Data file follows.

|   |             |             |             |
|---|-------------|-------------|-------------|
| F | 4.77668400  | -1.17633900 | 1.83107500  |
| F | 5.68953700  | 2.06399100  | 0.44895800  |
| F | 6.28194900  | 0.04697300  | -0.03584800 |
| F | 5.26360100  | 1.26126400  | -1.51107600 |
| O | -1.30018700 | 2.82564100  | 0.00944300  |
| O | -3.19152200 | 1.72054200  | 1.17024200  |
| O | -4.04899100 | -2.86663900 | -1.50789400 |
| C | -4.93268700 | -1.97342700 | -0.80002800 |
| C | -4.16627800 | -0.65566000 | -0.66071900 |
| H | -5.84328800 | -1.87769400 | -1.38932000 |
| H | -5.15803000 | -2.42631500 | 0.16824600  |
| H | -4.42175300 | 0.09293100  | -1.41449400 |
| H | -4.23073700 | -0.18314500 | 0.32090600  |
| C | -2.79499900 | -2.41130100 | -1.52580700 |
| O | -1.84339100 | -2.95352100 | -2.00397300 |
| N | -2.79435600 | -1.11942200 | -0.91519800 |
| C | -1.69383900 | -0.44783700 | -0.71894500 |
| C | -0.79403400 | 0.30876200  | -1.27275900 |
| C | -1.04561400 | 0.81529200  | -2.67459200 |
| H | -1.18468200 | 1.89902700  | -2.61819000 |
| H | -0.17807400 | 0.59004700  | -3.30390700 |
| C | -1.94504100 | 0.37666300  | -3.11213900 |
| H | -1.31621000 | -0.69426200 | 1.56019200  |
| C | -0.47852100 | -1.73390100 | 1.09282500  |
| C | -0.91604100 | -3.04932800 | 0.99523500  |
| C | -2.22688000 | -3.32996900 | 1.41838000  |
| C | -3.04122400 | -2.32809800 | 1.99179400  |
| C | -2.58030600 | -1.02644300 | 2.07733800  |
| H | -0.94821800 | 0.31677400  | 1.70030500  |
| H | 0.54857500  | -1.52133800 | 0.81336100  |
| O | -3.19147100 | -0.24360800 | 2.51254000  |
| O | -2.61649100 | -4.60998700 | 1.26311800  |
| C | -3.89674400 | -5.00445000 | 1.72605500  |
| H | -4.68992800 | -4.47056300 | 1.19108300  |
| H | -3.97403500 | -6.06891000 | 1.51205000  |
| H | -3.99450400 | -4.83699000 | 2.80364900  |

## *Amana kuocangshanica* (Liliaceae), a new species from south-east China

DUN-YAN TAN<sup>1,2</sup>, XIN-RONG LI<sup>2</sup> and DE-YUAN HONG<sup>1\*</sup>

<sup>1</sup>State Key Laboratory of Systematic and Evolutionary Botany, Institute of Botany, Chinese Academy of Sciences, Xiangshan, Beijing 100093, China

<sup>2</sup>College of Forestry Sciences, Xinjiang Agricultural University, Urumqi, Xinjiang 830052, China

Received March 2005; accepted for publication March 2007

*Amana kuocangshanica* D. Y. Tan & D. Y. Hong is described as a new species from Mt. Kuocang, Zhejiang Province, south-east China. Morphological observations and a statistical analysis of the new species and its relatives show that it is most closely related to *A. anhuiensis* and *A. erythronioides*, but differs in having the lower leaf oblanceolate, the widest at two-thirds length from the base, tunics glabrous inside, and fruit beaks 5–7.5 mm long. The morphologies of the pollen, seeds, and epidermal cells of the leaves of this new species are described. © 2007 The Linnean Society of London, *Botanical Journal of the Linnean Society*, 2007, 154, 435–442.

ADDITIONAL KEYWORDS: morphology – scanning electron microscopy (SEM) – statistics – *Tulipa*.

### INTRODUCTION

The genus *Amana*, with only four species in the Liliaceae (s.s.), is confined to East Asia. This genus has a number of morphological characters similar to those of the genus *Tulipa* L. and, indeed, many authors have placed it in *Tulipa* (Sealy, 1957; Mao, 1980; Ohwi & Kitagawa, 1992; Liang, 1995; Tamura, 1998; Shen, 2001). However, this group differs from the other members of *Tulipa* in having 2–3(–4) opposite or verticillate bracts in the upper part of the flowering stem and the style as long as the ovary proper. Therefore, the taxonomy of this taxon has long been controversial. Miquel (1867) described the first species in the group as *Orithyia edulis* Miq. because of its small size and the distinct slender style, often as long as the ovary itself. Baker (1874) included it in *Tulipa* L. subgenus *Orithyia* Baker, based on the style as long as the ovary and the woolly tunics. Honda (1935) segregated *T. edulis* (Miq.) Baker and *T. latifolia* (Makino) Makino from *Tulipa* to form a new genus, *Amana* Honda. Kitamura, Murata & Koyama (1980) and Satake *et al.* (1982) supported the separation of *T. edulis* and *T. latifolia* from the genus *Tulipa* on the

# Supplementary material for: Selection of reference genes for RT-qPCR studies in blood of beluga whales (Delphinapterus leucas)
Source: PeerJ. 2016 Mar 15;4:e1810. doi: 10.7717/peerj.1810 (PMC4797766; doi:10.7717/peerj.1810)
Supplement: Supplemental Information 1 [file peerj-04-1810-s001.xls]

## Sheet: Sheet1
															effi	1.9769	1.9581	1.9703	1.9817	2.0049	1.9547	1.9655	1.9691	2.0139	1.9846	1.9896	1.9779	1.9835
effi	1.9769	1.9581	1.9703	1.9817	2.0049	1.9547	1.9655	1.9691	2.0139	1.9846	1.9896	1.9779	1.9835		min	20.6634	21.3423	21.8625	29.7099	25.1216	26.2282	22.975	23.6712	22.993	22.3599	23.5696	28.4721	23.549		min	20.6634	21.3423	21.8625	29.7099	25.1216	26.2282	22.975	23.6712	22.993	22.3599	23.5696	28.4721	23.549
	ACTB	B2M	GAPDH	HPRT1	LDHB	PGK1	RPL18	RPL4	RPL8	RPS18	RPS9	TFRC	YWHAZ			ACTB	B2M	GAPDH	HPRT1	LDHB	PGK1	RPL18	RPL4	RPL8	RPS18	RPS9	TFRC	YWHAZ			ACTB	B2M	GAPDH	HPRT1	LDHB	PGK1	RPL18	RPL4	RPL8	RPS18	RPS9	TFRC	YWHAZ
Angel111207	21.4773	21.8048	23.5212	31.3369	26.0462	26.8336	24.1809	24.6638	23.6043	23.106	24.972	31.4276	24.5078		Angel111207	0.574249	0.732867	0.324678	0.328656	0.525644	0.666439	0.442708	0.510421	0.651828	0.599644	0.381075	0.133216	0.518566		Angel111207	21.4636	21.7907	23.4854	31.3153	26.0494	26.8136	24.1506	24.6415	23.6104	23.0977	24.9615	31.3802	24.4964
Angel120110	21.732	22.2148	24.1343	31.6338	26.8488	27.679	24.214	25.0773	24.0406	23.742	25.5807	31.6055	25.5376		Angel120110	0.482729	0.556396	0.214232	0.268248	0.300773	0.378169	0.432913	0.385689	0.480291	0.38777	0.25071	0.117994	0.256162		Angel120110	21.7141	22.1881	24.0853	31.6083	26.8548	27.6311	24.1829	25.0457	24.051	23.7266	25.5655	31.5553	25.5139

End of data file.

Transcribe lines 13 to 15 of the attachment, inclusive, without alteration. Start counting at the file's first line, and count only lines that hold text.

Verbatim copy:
| H | -5.15803000 | -2.42631500 | 0.16824600  |
| H | -4.42175300 | 0.09293100  | -1.41449400 |
| H | -4.23073700 | -0.18314500 | 0.32090600  |